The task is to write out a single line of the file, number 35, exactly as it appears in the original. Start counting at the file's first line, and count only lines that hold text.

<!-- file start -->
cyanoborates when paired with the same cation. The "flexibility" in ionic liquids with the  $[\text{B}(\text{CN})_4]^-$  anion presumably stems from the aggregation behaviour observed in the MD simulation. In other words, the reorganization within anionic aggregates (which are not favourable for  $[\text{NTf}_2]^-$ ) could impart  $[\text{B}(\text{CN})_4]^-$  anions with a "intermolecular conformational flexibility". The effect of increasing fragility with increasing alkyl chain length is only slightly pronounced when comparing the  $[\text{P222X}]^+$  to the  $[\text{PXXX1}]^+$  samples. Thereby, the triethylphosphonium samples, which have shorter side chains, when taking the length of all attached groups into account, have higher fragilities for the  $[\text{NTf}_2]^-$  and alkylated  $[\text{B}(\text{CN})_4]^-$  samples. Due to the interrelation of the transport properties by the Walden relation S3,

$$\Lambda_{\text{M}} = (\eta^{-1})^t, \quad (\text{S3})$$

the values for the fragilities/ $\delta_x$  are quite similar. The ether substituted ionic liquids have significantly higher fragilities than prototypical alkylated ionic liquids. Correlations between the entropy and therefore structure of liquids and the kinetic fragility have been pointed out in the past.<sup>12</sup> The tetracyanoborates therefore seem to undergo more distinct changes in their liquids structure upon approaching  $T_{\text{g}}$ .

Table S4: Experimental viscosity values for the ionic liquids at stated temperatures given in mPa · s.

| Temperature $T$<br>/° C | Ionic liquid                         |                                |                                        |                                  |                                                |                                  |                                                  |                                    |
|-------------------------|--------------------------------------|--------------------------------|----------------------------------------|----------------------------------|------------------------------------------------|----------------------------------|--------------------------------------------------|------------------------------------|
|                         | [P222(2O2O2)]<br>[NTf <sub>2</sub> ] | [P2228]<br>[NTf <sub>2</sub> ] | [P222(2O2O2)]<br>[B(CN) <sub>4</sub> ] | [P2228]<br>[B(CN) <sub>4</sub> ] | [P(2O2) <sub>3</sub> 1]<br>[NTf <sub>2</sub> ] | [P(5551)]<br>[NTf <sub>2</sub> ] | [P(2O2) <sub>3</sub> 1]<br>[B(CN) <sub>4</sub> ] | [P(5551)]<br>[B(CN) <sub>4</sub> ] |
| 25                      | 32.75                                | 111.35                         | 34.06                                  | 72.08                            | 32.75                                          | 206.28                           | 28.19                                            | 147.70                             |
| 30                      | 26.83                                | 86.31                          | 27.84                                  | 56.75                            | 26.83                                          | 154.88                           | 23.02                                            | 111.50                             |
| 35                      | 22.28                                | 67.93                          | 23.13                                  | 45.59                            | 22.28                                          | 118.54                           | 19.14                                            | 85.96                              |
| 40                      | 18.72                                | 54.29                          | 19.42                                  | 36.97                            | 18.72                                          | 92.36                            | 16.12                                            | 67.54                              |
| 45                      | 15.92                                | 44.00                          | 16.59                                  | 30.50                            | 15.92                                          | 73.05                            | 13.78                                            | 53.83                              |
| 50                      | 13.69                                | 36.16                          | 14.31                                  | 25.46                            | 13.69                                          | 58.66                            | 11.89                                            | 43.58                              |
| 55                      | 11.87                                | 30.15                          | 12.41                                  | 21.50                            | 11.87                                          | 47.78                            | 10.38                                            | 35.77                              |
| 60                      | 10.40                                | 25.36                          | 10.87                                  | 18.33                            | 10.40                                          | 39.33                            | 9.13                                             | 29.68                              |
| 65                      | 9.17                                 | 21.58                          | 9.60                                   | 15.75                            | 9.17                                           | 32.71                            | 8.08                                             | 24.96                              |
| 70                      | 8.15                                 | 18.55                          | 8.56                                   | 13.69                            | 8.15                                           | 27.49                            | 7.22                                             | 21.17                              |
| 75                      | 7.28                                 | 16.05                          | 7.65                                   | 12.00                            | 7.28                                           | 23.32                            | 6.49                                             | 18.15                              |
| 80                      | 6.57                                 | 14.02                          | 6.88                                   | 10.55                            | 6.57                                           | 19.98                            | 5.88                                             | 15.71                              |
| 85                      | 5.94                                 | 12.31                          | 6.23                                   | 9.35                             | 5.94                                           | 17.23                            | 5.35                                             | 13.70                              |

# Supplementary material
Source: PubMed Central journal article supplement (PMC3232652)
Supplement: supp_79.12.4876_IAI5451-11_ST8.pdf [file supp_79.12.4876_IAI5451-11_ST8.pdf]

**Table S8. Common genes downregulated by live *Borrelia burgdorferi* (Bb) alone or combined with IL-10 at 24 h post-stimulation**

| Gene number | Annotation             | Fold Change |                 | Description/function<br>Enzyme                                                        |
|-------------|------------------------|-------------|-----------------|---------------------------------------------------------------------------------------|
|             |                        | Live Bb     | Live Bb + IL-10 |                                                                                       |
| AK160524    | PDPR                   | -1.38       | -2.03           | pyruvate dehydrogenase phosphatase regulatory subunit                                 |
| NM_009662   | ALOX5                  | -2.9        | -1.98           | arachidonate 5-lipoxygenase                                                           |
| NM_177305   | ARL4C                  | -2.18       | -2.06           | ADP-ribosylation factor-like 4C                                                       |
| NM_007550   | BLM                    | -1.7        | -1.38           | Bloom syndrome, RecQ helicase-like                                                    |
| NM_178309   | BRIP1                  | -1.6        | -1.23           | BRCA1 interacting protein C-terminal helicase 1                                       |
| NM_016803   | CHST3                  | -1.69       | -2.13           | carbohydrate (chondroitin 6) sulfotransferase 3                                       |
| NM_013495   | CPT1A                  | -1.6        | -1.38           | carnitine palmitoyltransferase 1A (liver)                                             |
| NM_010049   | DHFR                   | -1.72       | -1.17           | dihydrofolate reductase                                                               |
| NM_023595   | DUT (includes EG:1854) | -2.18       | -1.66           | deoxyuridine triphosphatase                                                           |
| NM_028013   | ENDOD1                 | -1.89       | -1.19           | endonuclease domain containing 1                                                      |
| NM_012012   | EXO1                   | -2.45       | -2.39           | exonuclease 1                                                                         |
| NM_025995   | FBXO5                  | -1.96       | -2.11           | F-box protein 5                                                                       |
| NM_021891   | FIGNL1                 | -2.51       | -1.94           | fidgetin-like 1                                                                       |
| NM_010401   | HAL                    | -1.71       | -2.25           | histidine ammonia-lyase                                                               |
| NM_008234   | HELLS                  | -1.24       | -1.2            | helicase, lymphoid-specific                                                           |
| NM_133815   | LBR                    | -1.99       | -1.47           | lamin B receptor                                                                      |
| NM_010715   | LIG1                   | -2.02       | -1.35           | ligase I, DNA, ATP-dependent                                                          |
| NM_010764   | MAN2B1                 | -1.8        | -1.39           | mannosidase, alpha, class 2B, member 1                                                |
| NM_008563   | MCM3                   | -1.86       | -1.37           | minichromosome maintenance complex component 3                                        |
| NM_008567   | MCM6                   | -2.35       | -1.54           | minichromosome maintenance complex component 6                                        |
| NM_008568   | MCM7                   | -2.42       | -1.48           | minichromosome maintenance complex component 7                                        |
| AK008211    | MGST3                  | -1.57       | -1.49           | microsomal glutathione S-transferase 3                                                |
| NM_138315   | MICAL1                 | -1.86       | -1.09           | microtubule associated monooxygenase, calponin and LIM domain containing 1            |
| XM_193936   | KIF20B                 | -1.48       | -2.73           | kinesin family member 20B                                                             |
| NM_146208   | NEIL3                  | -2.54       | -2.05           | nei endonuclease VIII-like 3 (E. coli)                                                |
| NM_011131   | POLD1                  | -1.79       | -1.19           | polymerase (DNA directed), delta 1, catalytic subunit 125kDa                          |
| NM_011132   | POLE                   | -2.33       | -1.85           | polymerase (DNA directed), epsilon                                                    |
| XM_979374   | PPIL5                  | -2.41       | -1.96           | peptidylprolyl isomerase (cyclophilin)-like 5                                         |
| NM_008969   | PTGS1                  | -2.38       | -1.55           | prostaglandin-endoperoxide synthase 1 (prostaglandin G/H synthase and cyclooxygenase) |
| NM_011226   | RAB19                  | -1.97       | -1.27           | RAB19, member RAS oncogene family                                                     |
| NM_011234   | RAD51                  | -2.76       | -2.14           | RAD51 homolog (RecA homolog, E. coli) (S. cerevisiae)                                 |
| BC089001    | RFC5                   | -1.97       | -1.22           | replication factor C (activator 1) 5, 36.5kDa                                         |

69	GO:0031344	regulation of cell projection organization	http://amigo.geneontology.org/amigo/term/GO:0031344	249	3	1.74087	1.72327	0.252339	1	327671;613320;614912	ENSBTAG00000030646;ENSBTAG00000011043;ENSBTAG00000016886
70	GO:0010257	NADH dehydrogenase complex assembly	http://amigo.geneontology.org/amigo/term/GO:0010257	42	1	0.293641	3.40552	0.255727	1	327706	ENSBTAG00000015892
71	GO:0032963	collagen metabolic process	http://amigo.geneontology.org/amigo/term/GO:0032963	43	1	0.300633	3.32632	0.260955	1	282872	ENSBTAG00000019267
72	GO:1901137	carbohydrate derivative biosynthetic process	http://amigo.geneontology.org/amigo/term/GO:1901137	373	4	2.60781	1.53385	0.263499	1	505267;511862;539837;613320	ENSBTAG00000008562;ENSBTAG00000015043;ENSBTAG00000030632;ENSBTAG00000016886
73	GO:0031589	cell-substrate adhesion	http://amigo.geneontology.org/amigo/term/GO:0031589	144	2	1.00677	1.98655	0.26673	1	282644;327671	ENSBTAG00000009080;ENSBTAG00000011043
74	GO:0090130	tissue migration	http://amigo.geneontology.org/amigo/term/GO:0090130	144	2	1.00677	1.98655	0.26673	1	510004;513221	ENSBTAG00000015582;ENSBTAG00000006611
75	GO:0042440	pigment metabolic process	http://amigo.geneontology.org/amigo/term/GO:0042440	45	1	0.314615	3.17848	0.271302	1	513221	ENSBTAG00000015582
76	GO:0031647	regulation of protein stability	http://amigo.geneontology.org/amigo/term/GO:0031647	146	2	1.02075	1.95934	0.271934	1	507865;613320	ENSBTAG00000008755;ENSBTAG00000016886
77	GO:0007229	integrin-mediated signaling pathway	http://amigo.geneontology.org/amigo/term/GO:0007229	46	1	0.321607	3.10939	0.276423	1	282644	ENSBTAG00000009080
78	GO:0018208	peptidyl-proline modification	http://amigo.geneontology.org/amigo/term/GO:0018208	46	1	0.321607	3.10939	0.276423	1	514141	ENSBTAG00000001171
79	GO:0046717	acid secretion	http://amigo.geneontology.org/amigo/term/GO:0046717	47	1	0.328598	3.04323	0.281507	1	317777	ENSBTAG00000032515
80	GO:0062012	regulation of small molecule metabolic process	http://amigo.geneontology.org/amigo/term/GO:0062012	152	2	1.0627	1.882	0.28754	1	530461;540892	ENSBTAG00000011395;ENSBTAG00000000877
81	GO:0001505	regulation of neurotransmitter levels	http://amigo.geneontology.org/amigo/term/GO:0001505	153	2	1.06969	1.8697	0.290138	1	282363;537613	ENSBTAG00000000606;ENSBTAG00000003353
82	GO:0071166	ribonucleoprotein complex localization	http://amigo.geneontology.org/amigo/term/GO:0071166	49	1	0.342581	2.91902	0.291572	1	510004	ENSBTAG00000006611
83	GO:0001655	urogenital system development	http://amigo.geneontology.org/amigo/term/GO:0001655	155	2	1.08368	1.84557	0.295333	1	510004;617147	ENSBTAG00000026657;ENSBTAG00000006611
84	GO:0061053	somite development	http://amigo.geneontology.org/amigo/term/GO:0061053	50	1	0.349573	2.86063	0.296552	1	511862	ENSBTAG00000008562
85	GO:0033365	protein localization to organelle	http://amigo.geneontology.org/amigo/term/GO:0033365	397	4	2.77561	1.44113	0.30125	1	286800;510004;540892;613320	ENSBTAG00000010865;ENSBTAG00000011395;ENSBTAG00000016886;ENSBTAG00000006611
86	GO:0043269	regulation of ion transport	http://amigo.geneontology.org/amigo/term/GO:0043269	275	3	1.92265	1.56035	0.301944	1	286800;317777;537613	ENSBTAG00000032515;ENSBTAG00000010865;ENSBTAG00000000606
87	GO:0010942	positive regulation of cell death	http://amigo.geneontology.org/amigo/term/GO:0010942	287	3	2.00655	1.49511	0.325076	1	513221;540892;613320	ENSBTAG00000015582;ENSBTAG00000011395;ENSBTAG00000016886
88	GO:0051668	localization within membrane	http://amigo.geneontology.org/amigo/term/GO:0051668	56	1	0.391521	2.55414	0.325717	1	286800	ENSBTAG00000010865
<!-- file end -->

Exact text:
| NM_010049   | DHFR                   | -1.72       | -1.17           | dihydrofolate reductase                                                               |